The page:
Hamilton’s money was seized early in December 2012 when his agent attempted to wire the advance payment for the extra chapters that the artist illustrated for the graphic collection. When Hamilton’s agent contacted the bank to find out more, he was told that the party holding the funds was the federal wire fraud unit, which suspected that the creators were laundering funds for a terrorist organization.

The federal banking authority, which monitors every wire, foreign and domestic, apparently seized the funds due to the title of the book, ARMY OF GOD, which threw up a red flag.

At the time of this release, the funds have not been released to Hamilton or his agent despite the involvement of lawyers. The Comic Book Legal Defense Fund has also been contacted and apprised of the situation.
I'm guessing that they don't want to release any correspondence between their lawyers and OFAC. Would OFAC have issued a statement to the writer and artist, their agent, or their bank that they would be free to publicize? I know that automated software does the work, but wouldn't the bank, at least, have received some notice?

The January 17 list of SDNs is here, but I don't see Axe of Hamilton listed.
posted by maudlin at 9:00 AM on January 22, 2013


thanks, lullaby. That blog post was very informative.
posted by the man of twists and turns at 9:00 AM on January 22, 2013


Army of God is a US domestic terrorist group that attacks clinics and doctors.

False positives are never a problem once you've discarded the presumption of innocence. The designers of auto-denunciation software might regard this as a feature, not a bug, since it will increase the number of successful interceptions of terrorist funds transfers.
posted by warbaby at 9:02 AM on January 22, 2013 [6 favorites]


Seems relevant to note that the issue has been resolved and the money released to Hamilton.

So the payment is intercepted in "early December" and gets cleared by New Year's. Kafkaesque bureaucratic nightmares ain't what they used to be.
posted by yoink at 9:02 AM on January 22, 2013 [9 favorites]


Thanks, lullaby. URL subtraction finally gave me a different, incomplete subset of January 2013 posts, but the January archive link just listed the January 2 entry.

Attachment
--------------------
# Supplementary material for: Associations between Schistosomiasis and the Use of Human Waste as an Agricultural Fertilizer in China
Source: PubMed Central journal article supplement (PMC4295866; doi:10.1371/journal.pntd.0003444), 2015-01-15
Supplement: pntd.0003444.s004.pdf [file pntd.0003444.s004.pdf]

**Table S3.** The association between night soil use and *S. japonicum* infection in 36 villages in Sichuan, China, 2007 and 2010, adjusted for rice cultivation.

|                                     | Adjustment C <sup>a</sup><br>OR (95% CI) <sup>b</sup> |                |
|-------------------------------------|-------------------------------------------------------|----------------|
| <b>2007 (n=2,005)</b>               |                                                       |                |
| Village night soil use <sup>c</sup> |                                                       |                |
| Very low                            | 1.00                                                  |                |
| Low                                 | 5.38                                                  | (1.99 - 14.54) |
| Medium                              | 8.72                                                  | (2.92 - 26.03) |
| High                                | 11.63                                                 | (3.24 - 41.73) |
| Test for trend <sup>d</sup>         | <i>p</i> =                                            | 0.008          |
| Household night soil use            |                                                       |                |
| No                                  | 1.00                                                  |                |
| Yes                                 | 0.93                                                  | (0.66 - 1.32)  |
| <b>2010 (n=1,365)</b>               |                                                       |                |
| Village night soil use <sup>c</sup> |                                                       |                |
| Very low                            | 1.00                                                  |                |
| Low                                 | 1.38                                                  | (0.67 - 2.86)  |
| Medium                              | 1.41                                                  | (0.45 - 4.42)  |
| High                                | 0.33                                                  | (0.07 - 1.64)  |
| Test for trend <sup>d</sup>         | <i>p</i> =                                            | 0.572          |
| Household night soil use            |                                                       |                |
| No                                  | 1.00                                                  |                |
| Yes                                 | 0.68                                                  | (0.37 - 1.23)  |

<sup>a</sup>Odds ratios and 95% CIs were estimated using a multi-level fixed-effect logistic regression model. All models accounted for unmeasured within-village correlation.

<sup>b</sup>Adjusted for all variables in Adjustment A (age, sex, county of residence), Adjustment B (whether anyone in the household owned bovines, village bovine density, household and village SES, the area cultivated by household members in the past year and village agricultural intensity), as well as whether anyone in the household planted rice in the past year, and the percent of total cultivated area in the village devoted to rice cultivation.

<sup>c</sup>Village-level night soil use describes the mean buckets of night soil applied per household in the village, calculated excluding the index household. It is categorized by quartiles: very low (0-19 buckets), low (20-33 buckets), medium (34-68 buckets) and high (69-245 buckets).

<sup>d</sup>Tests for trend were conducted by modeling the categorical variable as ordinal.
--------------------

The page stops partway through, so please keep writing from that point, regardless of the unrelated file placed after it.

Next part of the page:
If these guys want people to know their full story, they need to get someone in to fix up their very broken blog.
posted by maudlin at 9:07 AM on January 22, 2013 [1 favorite]


Perhaps I phrased the post incorrectly, but my bigger point was that there is this automated software, and no good way to protest if you get caught in it. Note that David said it wasn't his attorneys that got the money released, it was that agents in other departments worked behind the scenes to free the advance. Axe's story was an illustration of a bigger modality.
posted by dejah420 at 9:07 AM on January 22, 2013


maudlin: “The January 17 list of SDNs is here, but I don't see Axe of Hamilton listed.”

But both "KONY, JOSEPH" and "ARMY OF GOD" are listed.
posted by koeselitz at 9:07 AM on January 22, 2013


Hit post too soon, meant to add that I think that the post title should have been a better lede.
posted by dejah420 at 9:08 AM on January 22, 2013


Ah, but they weren't listed as terrorists (or SDNs). That was the claim I was looking for.
posted by maudlin at 9:08 AM on January 22, 2013


OFAC is some serious shit. Getting caught in that net means that it's impossible to carry on life as a normal citizen of the US. You can't open any new bank accounts, the ones you have will be flagged and frozen, no credit cards or paypal or anything else. All new financial accounts are run through OFAC, and it's a hard stop if you show up. Getting it sorted can sometimes be quite difficult, so I hope the comments above about it being resolved are correct. Otherwise, your life gets relegated to the gray market. It's a prison sentence of sorts - how do you get paid? How do you hold down a normal job? Even without a trial, you've been excluded and expelled from normal life. It's a terrible fate.
posted by stoneweaver at 9:14 AM on January 22, 2013 [3 favorites]


When Voluntary Disclosure Isn't A Voluntary Disclosure
posted by the man of twists and turns at 9:14 AM on January 22, 2013 [1 favorite]


You know, this is unfortunate, and it really sounds like OFAC needs to have a transparent review & appeals process, but the guy did get his money back, and he was never actually labeled a terrorist. Certainly we have to do something about abortion clinic bombers like the Army of God, and freezing assets sounds like a better program than drone strikes.
posted by echo target at 9:14 AM on January 22, 2013


maudlin: “Ah, but they weren't listed as terrorists (or SDNs). That was the claim I was looking for.”

Huh. Did anyone claim they were identified as SDNs? I thought the claim was that they were suspected (by an automated keyword search, granted) of "engaging in business with" SDNs.
posted by koeselitz at 9:15 AM on January 22, 2013


False positives are never a problem once you've discarded the presumption of innocence.